Well, at any rate, I wanted to get something out there to kick off some discussion: what are other folks thinking about Kellhus?

message 2: by John (new)

John | 139 comments It occurs to me that in many ways, my above post just looks at Kellhus as a Dȗnyain, and avoids some of the specific aspects of his experience since leaving their hidden stronghold.

As much as I painted him as part superhuman and part inhuman, it's also worth noting how vulnerable he can be, how precarious his life is at times.

Almost as soon as he leaves, the work of traveling and surviving turns him into something like an animal. He does finally recover his humanity before too long, but he almost dies before being saved by Leweth (and again before Cnaiur finds him). While he's with Leweth, he learns a lot about that wilderness and about "world-born" men... and then Kellhus finds a stone shaft with an inscription: “And I, Anasurimbor Celmomas II, look from this place and witness the glory worked by my hand…” Kellhus dismisses Leweth’s stories of apocalypse and No-God, but “The world, he now understood, was far older than the Dunyain. And if his bloodline extended as far as this dead High King, then so was he.” He's realizing that the Dȗnyain did not, in fact, know everything (and learns this again when he encounters the Non-man and his sorcery). And that quotation suggests that he's viewing himself as being in some fundamental way different from the community he left.

There's a passage that struck me, and I'm not sure what to make of it, but it seems to fit this context. It's right after he and Cnaiur have killed the other Scylvendi and taken Serwe and the other women. He singles out Serwe.

She reminds him of someone. One of his wives...
Anissi, the only one he dares love.

Kellhus watched while the Scylvendi took her again. With her whimpers, he suffocated cries, it seemed the ground beneath slowly spun, as though stars had stopped their cycle and the earth had begun to wheel instead. There was something… something here, he could sense. Something outraged.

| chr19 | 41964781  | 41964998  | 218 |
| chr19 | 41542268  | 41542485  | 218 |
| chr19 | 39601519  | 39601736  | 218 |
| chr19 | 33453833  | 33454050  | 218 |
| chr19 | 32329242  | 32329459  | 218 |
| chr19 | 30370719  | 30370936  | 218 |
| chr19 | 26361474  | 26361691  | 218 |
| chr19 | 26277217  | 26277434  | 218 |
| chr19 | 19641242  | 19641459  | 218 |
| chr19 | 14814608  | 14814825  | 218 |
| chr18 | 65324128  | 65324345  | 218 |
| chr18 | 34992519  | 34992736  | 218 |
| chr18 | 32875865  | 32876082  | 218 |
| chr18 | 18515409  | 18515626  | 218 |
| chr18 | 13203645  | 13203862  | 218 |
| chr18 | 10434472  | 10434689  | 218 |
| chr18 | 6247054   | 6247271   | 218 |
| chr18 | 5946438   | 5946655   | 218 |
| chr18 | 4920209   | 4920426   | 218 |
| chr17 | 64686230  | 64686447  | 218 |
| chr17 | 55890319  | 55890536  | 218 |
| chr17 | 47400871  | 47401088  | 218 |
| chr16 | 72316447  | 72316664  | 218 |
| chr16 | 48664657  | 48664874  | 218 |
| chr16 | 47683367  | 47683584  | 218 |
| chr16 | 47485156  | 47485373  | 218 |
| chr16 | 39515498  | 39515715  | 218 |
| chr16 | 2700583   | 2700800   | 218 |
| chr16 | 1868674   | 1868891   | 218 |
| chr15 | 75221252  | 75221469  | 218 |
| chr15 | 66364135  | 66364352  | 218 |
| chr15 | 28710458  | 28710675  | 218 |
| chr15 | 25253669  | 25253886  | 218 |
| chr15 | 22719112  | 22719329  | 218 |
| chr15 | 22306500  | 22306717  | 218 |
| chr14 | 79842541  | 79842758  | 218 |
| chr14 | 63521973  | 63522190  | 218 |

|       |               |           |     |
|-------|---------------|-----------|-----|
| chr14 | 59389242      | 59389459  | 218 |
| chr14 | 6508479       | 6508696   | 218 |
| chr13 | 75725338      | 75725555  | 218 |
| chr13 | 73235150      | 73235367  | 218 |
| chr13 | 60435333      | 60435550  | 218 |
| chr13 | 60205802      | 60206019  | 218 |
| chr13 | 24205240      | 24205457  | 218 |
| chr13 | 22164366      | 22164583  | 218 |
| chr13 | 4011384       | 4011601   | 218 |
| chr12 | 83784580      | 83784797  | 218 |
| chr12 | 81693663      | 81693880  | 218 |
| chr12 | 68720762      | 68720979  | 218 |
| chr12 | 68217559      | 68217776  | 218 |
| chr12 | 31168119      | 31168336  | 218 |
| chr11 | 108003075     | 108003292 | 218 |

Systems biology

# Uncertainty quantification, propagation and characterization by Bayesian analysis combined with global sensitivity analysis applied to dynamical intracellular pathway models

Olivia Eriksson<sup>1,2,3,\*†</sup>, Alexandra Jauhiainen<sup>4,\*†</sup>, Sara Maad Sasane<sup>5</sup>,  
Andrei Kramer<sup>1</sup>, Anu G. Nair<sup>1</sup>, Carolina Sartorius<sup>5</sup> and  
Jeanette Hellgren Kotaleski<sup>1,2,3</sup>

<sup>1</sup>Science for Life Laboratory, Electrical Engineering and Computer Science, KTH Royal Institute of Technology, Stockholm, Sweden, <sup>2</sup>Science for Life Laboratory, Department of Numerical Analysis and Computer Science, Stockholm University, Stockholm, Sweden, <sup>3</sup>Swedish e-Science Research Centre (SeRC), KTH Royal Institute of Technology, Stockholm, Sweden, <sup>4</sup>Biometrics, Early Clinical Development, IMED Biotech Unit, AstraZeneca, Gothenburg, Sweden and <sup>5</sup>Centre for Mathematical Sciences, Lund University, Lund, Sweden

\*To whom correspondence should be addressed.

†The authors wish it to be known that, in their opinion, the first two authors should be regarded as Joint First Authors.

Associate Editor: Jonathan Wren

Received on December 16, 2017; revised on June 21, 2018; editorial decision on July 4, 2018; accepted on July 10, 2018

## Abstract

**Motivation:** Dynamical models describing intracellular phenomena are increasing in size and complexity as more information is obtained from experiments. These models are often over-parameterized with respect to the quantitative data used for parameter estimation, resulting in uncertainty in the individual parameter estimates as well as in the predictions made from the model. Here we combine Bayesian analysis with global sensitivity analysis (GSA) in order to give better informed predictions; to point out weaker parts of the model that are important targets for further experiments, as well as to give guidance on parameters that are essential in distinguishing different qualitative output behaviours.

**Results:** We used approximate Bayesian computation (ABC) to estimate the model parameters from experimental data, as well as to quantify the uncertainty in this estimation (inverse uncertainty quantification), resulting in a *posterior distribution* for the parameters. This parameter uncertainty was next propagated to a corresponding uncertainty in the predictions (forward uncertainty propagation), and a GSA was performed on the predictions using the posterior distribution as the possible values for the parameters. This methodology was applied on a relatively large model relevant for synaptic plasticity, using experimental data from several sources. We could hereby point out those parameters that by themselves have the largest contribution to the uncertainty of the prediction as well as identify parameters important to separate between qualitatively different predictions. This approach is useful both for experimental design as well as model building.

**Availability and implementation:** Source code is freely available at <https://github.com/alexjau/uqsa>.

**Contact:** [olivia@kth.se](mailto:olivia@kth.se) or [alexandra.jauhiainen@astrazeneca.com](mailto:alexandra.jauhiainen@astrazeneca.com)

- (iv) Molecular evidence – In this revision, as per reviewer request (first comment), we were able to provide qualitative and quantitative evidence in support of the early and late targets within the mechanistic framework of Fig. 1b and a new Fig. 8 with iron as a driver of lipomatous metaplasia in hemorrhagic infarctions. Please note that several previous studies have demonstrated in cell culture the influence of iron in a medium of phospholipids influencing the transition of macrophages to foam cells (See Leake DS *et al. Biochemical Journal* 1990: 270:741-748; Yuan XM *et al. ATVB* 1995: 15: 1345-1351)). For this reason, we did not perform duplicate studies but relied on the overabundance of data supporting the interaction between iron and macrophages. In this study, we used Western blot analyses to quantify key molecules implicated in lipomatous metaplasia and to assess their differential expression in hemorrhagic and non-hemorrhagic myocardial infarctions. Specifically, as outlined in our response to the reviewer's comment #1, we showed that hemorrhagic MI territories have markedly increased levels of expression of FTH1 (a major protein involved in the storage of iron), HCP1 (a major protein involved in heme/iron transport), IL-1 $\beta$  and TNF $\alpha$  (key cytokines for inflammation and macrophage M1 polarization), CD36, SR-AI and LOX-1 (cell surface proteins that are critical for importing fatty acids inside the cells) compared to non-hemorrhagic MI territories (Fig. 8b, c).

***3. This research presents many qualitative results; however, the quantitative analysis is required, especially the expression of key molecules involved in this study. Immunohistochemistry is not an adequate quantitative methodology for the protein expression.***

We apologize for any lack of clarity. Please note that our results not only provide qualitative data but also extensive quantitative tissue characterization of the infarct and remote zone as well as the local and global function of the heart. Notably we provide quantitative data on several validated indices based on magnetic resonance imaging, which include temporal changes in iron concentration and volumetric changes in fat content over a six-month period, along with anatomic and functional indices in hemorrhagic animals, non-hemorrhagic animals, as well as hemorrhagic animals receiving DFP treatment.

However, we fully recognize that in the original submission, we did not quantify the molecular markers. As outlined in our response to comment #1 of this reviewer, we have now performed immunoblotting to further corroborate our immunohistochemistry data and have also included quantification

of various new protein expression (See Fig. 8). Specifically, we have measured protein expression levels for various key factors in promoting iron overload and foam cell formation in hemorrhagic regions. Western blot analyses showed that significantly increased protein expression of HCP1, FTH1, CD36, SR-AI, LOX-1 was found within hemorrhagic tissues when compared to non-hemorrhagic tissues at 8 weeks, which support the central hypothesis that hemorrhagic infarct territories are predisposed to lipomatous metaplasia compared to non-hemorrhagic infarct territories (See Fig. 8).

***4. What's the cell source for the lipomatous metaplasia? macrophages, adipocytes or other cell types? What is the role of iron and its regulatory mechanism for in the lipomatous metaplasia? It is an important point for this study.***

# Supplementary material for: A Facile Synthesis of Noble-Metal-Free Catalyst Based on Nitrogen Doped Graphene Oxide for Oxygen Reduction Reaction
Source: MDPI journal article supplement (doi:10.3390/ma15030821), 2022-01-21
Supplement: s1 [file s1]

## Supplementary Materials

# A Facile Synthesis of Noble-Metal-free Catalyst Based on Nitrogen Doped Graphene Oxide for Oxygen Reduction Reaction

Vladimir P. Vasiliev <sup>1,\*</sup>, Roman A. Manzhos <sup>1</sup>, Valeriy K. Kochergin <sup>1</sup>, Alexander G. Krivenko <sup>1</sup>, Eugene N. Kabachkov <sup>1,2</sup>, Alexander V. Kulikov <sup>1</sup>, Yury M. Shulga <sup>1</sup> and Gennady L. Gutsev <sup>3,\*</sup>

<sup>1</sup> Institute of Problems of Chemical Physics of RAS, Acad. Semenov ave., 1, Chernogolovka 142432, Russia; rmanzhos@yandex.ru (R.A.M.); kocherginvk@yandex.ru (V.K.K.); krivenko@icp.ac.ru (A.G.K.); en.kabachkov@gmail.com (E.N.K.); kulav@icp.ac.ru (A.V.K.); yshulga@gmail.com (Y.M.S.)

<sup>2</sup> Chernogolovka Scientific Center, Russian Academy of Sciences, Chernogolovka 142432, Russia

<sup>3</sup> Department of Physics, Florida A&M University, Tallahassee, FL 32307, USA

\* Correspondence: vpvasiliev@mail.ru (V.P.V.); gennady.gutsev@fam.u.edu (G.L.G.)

From what darkness had this come?
Something is happening to me, Father.

In other words, he has a very un-Dȗnyain feeling: where has it come from, he wonders? Yet... what does he do about it? He doesn't protect her. He evokes her worship, and doesn't he at some point think about how he's using Serwe to break Cnaiur? Yet, there is still this feeling, that wasn't conditioned out of him...

message 3: by Kathi, There’s no such thing as too many books! (last edited May 29, 2014 06:03AM) (new)

Kathi | 1065 comments Mod
I find Kellhus gets more appalling as time goes on. (I just finished Book 2 so will withhold specifics.) He has no center. Well, perhaps his purpose is his center, but the way he uses people is what is appalling to me.

message 4: by Maggie, The Malazan Queen of Chaos (new)

Maggie K | 1206 comments Mod
yes, it's like there is nothing that would be too much...

message 5: by Kathi, There’s no such thing as too many books! (new)

Kathi | 1065 comments Mod
Having now read all 3 books in this series, I can say that, while I am still intrigued by Kellhus's ultimate purpose, I find him unlikeable, terrifying, cruel, and truly inhuman.